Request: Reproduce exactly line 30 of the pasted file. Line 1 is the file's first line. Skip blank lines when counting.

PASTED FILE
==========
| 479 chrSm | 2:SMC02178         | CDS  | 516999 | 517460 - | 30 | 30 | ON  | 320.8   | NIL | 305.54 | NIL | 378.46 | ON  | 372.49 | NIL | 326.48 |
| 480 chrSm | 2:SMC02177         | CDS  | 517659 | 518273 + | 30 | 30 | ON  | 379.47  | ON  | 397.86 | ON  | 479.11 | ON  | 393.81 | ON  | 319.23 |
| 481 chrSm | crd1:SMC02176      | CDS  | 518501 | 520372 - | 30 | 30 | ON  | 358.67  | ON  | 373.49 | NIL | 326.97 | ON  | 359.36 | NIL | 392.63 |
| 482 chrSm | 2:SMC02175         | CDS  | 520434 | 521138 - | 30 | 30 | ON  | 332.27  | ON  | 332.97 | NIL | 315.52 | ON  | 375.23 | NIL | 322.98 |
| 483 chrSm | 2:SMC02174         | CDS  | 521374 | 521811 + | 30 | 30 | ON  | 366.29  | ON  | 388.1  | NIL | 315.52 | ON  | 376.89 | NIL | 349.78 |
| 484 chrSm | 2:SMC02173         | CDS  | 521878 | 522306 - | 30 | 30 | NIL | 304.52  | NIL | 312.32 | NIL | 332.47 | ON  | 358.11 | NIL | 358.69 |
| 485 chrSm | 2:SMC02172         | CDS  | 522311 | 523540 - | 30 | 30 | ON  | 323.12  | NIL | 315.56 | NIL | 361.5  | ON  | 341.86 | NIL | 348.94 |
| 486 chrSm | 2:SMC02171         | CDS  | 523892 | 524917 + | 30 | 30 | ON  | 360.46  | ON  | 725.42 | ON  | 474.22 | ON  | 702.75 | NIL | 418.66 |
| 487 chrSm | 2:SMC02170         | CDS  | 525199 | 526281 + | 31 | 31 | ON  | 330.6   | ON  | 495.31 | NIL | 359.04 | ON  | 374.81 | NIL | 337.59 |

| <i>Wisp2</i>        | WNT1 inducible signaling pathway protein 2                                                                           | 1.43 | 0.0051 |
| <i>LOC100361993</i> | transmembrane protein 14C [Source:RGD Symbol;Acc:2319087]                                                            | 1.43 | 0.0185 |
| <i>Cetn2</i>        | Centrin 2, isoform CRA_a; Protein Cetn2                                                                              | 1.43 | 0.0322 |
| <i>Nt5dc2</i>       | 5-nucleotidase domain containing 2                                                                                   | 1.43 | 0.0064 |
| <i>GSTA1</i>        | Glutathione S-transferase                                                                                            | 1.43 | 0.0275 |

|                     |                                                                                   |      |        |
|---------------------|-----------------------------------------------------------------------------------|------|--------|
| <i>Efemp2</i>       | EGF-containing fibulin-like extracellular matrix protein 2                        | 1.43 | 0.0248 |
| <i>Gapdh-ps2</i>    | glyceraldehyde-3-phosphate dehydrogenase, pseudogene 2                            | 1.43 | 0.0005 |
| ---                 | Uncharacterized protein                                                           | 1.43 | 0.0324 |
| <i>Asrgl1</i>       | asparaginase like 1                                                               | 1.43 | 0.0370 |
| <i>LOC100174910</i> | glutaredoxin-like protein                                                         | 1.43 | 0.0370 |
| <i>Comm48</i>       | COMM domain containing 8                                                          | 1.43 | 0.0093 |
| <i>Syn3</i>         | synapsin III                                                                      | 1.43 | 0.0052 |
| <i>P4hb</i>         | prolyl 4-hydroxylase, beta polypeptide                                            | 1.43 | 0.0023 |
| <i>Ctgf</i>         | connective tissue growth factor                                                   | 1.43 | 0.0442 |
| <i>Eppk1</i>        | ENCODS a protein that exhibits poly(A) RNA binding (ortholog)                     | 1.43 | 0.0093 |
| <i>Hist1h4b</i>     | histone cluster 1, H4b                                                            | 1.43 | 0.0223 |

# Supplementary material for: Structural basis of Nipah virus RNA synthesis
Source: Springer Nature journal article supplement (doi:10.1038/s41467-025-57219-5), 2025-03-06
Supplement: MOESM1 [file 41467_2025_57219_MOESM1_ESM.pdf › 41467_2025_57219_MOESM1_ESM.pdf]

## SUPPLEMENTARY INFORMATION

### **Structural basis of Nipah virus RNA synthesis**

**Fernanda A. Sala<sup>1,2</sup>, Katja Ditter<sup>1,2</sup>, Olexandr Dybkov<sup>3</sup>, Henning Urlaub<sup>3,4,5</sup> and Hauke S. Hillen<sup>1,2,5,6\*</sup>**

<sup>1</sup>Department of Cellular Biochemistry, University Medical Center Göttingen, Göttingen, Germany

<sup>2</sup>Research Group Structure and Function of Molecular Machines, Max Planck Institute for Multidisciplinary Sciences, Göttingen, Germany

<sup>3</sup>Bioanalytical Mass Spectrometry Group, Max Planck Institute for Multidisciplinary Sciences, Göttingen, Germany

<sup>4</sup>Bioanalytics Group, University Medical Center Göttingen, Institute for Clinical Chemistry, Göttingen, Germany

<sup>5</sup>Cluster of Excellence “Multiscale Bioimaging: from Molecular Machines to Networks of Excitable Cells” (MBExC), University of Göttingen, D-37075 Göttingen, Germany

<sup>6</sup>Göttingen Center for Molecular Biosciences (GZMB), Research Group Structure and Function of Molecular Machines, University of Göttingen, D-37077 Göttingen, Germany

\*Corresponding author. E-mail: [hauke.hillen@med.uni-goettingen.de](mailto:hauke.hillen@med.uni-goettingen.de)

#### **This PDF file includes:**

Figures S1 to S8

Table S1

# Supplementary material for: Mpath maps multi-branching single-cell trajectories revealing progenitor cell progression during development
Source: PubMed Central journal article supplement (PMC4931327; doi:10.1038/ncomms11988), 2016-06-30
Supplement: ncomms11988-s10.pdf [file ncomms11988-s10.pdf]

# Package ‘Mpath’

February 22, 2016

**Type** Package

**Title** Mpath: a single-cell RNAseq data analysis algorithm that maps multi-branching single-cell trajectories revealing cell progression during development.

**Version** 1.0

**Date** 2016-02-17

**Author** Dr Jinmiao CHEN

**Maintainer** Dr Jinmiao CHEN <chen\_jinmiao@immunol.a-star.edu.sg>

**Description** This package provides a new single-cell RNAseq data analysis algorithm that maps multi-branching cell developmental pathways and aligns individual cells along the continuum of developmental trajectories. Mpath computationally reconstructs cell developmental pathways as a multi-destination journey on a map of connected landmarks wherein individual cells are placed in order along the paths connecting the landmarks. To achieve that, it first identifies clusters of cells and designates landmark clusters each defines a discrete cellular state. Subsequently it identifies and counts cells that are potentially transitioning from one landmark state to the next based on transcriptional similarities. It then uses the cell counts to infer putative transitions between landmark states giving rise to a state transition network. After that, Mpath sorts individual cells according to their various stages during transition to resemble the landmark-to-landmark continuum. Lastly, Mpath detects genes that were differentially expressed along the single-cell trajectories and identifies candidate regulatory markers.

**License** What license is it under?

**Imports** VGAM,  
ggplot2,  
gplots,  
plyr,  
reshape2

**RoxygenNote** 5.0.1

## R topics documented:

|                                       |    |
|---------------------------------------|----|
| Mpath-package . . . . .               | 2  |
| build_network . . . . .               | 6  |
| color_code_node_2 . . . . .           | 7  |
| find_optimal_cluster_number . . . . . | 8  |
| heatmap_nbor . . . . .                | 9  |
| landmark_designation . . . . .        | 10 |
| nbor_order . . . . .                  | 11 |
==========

Supplement: MOESM1 [file 41467_2025_57219_MOESM1_ESM.pdf › 41467_2025_57219_MOESM1_ESM.pdf]